In 2004, Missouri Valley College held the first Women's National Wrestling Championships which honored four individual champions. Later, the event would be hosted by the University of the Cumberlands in 2006.

See also

References

  1. ^ "India welcomes re-inclusion of Wrestling in Olympic Games". Archived from the original on 2013-09-26. Retrieved 9 September 2013.
  2. ^ "Can mixed martial arts save wrestling? - USATODAY.com".
  3. ^ a b International Federation of Associated Wrestling Styles (2006-12-01). "International Wrestling Rules: Greco-Roman Wrestling, Freestyle Wrestling, Women's Wrestling" (PDF). FILA. p. 36. Retrieved 2008-10-28.
  4. ^ a b International Federation of Associated Wrestling Styles (2006-12-01). "International Wrestling Rules: Greco-Roman Wrestling, Freestyle Wrestling, Women's Wrestling" (PDF). FILA. p. 27, 30. Retrieved 2008-10-28.
  5. ^ National Collegiate Athletic Association (2008-08-01). "2009 NCAA Wrestling Rules and Interpretations" (PDF). NCAA. p. WR-10, WR-29-WR-31. Archived from the original (PDF) on 2009-03-25. Retrieved 2008-10-30.
  6. ^ National Federation of State High School Associations (2008-08-01). 2008–09 NFHS Wrestling Rules Book. NFHS. pp. 32, 35–36.
  7. ^ International Federation of Associated Wrestling Styles (2006-12-01). "International Wrestling Rules: Greco-Roman Wrestling, Freestyle Wrestling, Women's Wrestling" (PDF). FILA. p. 41. Retrieved 2008-10-28.
  8. ^ International Federation of Associated Wrestling Styles (2006-12-01). "International Wrestling Rules: Greco-Roman Wrestling, Freestyle Wrestling, Women's Wrestling" (PDF). FILA. p. 27, 28, 41. Retrieved 2008-10-28.
  9. ^ International Federation of Associated Wrestling Styles (2006-12-01). "International Wrestling Rules: Greco-Roman Wrestling, Freestyle Wrestling, Women's Wrestling" (PDF). FILA. p. 30, 52–53. Retrieved 2008-10-28.
  10. ^ International Federation of Associated Wrestling Styles (2006-12-01). "International Wrestling Rules: Greco-Roman Wrestling, Freestyle Wrestling, Women's Wrestling" (PDF). FILA. p. 31, 50. Retrieved 2008-10-28.
  11. ^ National Federation of State High School Associations (2008-08-01). 2008–09 NFHS Wrestling Rules Book. NFHS. p. 23.
  12. ^ National Collegiate Athletic Association (2008-08-01). "2009 NCAA Wrestling Rules and Interpretations" (PDF). NCAA. p. WR-23-WR-24. Archived from the original (PDF) on 2009-03-25. Retrieved 2008-10-30.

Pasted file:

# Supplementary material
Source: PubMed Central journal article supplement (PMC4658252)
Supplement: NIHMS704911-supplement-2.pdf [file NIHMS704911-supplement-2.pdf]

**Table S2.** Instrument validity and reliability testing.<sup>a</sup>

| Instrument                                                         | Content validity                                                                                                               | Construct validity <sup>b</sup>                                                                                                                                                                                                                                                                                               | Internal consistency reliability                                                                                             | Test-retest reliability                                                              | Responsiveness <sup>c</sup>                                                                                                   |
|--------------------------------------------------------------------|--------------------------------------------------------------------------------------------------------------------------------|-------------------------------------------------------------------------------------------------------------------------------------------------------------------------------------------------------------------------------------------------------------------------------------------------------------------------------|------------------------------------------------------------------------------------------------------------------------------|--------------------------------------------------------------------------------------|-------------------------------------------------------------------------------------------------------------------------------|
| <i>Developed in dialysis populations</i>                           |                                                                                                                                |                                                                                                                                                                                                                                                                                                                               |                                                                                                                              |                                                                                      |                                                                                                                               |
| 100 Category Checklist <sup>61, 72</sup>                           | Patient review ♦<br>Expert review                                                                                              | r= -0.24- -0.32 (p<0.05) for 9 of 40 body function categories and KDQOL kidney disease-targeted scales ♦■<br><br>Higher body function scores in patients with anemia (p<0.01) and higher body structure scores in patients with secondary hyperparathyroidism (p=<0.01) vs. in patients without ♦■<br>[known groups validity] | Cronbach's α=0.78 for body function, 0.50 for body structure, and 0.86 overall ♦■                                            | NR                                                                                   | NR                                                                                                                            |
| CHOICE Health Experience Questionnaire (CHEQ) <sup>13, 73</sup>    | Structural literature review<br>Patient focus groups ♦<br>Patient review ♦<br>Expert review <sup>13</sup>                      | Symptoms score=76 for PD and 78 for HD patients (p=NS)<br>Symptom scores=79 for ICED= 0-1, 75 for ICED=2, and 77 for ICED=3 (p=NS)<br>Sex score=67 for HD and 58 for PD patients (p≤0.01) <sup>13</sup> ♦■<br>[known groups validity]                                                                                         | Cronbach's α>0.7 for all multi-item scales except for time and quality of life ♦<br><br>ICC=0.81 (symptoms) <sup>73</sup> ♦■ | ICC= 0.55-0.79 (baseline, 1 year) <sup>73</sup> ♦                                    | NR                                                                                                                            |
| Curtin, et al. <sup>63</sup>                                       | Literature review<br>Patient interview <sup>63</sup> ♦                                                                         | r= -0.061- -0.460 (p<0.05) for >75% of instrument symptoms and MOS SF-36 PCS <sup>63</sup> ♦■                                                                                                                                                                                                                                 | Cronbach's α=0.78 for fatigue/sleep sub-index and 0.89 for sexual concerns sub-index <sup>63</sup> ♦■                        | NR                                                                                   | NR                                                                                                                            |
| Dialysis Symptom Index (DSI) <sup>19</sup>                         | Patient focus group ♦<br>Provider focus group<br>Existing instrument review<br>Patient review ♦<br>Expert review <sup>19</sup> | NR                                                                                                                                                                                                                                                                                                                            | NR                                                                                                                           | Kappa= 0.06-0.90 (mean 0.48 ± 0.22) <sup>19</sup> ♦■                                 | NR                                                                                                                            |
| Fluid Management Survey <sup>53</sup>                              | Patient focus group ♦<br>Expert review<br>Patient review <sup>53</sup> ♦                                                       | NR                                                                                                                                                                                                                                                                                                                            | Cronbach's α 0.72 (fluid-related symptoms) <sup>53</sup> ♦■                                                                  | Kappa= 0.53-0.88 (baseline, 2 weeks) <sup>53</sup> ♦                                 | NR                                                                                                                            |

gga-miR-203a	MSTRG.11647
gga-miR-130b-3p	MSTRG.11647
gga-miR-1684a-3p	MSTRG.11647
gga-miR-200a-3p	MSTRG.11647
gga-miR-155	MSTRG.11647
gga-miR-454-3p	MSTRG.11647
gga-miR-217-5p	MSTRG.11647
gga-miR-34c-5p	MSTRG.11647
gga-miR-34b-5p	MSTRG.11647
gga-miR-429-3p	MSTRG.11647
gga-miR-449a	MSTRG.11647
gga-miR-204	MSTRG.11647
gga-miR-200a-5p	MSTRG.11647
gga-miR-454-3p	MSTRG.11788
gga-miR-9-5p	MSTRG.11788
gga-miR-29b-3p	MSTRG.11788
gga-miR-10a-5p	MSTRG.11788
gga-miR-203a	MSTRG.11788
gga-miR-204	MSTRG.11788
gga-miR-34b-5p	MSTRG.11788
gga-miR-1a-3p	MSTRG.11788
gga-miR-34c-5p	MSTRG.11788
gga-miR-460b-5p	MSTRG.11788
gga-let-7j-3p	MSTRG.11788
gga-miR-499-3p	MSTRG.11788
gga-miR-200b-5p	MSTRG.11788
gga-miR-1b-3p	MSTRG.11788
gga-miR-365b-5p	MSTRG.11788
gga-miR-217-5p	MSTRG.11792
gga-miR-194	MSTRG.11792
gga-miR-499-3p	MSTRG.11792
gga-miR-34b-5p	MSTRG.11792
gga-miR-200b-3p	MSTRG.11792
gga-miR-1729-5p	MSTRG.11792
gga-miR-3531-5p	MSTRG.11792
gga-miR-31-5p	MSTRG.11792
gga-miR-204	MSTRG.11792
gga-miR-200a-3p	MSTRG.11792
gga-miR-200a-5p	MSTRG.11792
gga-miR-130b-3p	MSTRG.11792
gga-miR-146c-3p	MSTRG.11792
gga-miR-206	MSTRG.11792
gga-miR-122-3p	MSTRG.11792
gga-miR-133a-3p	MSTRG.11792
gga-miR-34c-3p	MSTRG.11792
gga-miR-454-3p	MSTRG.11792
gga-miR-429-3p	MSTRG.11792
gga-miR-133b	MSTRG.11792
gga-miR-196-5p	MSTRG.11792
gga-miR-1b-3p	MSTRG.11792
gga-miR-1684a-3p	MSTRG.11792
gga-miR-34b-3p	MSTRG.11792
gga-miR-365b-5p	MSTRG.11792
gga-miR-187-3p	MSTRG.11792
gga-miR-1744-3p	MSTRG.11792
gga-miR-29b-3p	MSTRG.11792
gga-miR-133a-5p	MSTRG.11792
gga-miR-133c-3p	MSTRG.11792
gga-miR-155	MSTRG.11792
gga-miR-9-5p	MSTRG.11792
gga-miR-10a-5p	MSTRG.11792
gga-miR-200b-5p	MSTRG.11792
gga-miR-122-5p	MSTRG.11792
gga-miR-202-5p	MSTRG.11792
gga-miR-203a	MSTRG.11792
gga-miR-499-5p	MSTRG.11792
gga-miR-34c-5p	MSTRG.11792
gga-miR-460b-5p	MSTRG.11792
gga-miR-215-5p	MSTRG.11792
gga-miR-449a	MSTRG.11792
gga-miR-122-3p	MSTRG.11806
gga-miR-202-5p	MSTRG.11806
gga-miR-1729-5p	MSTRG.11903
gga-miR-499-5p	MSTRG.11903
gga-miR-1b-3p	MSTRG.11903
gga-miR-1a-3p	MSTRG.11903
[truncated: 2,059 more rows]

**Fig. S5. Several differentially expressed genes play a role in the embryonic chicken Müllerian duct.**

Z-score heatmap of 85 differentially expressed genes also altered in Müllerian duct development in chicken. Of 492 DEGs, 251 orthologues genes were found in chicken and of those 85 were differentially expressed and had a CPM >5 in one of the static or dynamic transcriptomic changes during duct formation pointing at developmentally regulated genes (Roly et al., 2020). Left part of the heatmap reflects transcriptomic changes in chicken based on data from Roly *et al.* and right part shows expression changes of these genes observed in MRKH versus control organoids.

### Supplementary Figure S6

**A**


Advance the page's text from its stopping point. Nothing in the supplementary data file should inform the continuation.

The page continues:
13. ^ a b c d e National Collegiate Athletic Association (2008-08-01). "2009 NCAA Wrestling Rules and Interpretations" (PDF). NCAA. p. WR-49. Archived from the original (PDF) on 2009-03-25. Retrieved 2008-10-30.
  14. ^ a b National Collegiate Athletic Association (2008-08-01). "2009 NCAA Wrestling Rules and Interpretations" (PDF). NCAA. p. WR-24. Archived from the original (PDF) on 2009-03-25. Retrieved 2008-10-30.
  15. ^ a b National Collegiate Athletic Association (2008-08-01). "2009 NCAA Wrestling Rules and Interpretations" (PDF). NCAA. p. WR-24, WR-49. Archived from the original (PDF) on 2009-03-25. Retrieved 2008-10-30.
  16. ^ a b c National Collegiate Athletic Association (2008-08-01). "2009 NCAA Wrestling Rules and Interpretations" (PDF). NCAA. p. WR-25. Archived from the original (PDF) on 2009-03-25. Retrieved 2008-10-30.
  17. ^ National Collegiate Athletic Association (2008-08-01). "2009 NCAA Wrestling Rules and Interpretations" (PDF). NCAA. p. WR-49-WR-51. Archived from the original (PDF) on 2009-03-25. Retrieved 2008-10-30.
  18. ^ National Federation of State High School Associations (2008-08-01). 2008–09 NFHS Wrestling Rules Book. NFHS. p. 48.
  19. ^ International Federation of Associated Wrestling Styles (2006-12-01). "International Wrestling Rules: Greco-Roman Wrestling, Freestyle Wrestling, Women's Wrestling" (PDF). FILA. p. 10. Retrieved 2008-10-28.
  20. ^ "Summer Olympics to Include Women's Wrestling - 2004-06-25". Voice of America.
  21. ^ "GIRL PINS BOY: Rosie pins David Rientjes (Belmont Wrestling)".
  22. ^ "Growing Women's Wrestling – National Wrestling Coaches Assoc".

Notes